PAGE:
by Michaela Reger
Responsive Law has submitted comments to the Utah Supreme Court in support of its proposed reforms to regulation of legal services in the state.
The Court’s proposal (known as the “Sandbox”) would eliminate restrictions on non-lawyer ownership of law firms. For law businesses that choose to include nonlawyer ownership, there would be a new regulatory body using outcomes- and risk-based approaches to balance increased access to justice with actual consumer harm.
by Paul Avelar
As has been previously discussed here, the Rhode Island Supreme Court has been considering recommendations from its own Unauthorized Practice of Law Committee in three cases involving real-estate closings and related services. The Court has issued its decision, and it is mostly a victory for consumers.
by Tom Gordon
Responsive Law has submitted comments to the California Task Force on Access Through Innovation in Legal Services (ATILS) in response to its proposed reforms to regulation of legal services in the state.
Overall, we like the task force’s proposal. It does a good job of balancing the potential for increased access to legal services against the potential for consumer harm. Additionally, it looks at regulation as something that needs to address specific potential harms, rather than taking regulations that were created decades ago to govern potential misconduct by lawyers and treating the regulation itself as the principle to be preserved, rather than looking at the reason behind the regulation and seeing whether it is still the best way to address a particular regulatory objective.
By Amanda Grau
Responsive Law and the Center for Public Interest Law have filed an amicus brief supporting TIKD Services, LLC in a lawsuit brought against the company by the Florida Bar in 2017.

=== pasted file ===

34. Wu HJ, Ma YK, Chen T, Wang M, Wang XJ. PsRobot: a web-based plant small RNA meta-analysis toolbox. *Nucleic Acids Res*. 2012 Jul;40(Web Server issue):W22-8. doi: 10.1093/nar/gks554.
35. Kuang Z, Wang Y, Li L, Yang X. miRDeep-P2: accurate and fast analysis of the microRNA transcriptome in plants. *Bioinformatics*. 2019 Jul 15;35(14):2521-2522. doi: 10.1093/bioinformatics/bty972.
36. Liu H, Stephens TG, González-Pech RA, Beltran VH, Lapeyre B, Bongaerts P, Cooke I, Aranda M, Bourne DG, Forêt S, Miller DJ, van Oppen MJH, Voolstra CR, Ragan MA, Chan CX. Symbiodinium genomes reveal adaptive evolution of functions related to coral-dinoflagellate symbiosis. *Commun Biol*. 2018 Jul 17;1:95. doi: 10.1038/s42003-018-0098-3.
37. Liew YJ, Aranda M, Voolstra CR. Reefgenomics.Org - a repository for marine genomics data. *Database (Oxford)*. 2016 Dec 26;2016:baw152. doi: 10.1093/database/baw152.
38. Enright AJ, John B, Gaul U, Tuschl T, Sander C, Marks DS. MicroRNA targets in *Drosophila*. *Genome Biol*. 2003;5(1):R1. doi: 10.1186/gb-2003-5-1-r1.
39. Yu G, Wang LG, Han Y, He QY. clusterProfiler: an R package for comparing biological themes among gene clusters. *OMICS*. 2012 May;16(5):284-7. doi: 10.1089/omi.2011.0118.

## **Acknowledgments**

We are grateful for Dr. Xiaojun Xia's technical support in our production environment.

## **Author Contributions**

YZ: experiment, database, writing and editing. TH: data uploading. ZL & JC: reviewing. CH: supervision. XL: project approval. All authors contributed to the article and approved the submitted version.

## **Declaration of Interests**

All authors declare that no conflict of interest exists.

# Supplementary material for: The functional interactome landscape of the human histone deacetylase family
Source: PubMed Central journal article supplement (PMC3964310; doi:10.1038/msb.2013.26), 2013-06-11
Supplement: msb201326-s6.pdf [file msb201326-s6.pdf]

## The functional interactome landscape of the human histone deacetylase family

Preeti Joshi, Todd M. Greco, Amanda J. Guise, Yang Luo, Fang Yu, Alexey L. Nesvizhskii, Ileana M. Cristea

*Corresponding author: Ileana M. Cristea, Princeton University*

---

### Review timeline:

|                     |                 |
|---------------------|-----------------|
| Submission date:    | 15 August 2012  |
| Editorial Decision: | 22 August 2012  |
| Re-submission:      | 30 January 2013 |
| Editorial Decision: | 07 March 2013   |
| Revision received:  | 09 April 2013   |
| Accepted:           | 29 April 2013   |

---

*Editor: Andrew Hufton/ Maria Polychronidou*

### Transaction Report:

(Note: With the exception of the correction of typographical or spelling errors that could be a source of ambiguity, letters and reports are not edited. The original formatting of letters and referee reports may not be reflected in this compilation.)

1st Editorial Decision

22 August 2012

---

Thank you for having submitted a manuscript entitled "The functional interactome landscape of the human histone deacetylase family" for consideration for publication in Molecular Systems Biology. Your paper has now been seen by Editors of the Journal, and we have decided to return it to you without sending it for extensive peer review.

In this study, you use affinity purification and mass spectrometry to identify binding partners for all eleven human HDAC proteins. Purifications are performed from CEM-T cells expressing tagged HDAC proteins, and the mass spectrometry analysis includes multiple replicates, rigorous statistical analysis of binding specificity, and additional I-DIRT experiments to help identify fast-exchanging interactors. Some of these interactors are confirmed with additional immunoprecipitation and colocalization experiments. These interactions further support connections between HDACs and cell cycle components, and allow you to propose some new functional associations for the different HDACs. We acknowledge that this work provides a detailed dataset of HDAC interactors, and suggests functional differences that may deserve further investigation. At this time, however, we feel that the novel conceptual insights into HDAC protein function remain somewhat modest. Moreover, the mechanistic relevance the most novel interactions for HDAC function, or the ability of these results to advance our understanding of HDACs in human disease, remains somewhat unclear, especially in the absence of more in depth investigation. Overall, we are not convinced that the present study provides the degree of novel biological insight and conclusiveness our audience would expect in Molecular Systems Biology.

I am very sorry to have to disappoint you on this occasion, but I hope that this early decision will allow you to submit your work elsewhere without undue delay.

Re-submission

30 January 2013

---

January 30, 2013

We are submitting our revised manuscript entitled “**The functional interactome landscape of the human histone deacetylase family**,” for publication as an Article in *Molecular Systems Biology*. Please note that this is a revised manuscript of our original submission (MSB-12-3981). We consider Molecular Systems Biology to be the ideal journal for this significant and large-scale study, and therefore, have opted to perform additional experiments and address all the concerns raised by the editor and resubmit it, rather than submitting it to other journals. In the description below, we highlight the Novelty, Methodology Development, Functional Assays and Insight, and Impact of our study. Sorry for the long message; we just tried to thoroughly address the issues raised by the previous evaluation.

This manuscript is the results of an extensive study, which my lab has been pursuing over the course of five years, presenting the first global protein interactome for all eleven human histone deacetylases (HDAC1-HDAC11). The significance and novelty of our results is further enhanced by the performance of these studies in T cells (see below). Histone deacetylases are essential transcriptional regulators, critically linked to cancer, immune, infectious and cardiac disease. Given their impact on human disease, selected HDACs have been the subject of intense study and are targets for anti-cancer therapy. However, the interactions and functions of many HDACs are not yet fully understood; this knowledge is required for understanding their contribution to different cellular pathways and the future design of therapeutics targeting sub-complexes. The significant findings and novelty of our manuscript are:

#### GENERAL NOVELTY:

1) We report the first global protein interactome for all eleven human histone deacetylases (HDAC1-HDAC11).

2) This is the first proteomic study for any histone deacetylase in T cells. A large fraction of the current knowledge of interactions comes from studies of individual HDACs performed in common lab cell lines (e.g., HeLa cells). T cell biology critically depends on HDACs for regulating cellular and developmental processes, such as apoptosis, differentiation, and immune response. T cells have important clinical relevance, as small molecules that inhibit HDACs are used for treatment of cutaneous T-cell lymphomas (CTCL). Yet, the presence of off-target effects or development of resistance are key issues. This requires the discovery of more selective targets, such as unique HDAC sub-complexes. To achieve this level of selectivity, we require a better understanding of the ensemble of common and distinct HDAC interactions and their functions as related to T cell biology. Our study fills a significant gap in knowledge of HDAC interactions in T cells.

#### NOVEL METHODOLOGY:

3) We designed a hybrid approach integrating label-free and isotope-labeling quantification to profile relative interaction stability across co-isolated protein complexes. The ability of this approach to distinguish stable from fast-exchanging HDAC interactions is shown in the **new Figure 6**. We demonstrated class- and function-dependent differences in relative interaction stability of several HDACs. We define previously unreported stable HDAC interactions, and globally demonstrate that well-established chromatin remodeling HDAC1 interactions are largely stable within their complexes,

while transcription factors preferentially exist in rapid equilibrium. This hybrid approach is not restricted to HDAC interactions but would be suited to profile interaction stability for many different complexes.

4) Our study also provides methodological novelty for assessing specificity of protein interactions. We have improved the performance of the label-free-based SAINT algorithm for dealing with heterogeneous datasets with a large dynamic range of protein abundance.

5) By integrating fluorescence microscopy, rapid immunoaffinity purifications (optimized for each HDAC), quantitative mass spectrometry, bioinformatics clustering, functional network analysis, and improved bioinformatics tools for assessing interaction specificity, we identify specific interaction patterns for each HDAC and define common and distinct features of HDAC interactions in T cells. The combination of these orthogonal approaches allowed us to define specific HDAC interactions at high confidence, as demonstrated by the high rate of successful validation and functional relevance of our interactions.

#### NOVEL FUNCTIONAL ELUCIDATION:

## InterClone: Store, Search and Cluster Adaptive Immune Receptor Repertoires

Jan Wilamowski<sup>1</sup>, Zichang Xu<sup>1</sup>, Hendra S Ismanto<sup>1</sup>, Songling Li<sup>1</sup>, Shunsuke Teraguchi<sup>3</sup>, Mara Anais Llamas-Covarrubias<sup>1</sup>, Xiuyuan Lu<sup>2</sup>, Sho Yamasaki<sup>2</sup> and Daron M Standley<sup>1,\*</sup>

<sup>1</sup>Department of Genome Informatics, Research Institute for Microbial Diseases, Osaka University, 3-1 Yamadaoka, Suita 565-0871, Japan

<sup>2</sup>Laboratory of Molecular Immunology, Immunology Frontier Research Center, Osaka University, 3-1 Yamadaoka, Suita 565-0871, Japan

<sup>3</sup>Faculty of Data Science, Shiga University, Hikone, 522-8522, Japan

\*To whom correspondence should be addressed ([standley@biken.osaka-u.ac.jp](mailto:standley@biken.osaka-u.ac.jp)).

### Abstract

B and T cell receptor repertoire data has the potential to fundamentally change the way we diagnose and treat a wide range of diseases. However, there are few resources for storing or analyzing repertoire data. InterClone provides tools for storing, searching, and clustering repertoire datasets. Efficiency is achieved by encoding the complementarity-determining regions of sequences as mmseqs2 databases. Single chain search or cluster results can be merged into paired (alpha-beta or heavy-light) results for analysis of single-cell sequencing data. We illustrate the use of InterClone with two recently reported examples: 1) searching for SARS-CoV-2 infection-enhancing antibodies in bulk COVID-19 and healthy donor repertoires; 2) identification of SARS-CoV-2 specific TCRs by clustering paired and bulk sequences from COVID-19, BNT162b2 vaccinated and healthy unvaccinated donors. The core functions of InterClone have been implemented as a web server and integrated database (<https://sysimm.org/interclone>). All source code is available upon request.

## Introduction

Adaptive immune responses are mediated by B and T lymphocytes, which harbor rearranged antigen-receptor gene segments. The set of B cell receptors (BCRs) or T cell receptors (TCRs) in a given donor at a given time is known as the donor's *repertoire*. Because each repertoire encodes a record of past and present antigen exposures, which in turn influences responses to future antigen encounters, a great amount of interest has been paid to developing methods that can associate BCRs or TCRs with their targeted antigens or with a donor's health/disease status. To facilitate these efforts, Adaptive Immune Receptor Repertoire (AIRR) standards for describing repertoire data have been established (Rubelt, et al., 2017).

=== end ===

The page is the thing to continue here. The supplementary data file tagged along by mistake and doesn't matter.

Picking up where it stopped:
TIKD developed a mobile app giving users an affordable option for fighting unfair traffic tickets. For less than the cost of the ticket, users upload claims for evaluation by TIKD staff then connected with a licensed Florida attorney. If the ticket holds up in court, TIKD absorbs any additional cost accrued.
As the app gained popularity in Florida and took business from the Ticket Clinic, a traditional law firm, the Ticket Clinic filed a complaint. The Florida Bar responded with a baseless claim that TIKD was engaging in unlicensed practice of law (or UPL). In January 2019, the court-appointed referee, Judge Teresa Pooler, released her report in favor of TIKD. The Bar opposed the report and is asking the Florida Supreme Court to reject it with absolutely no evidence of consumer harm. The Ticket Clinic, a Florida law firm, filed an amicus brief supporting the Bar’s opposition. The Bar’s embarrassing claim and the Ticket Clinic’s brief reveal their true fear of losing a monopolistic dominance over legal services.
by Amanda Grau
TIKD, an application that enables users to be paired with an attorney based on an uploaded traffic ticket they wish to contest, has been embroiled in antitrust and unauthorized practice of law (UPL) litigation since 2017. In January 2019, there was a major win for the app and Christopher Riley, the app’s developer: the referee, appointed by the Florida Supreme Court as the court’s finder of fact for the UPL lawsuit, released a report in favor of TIKD. The report now goes to the Florida Supreme Court for adoption or rejection.
The referee, Judge Pooler, stated that although it is undisputed that TIKD is not authorized to practice law in Florida, TIKD is not a law firm nor a lawyer referral service and its operations did not involve UPL. “No reasonable person could conclude, based on the evidence submitted to the Referee, that TIKD or Riley hold themselves out as providers of legal services,” said Judge Pooler. Despite the positive ruling, TIKD has decided to suspend consumer traffic ticket services, perhaps in an effort to avoid future litigation. This is a blow to consumers looking for affordable legal support when dealing with unjust traffic tickets.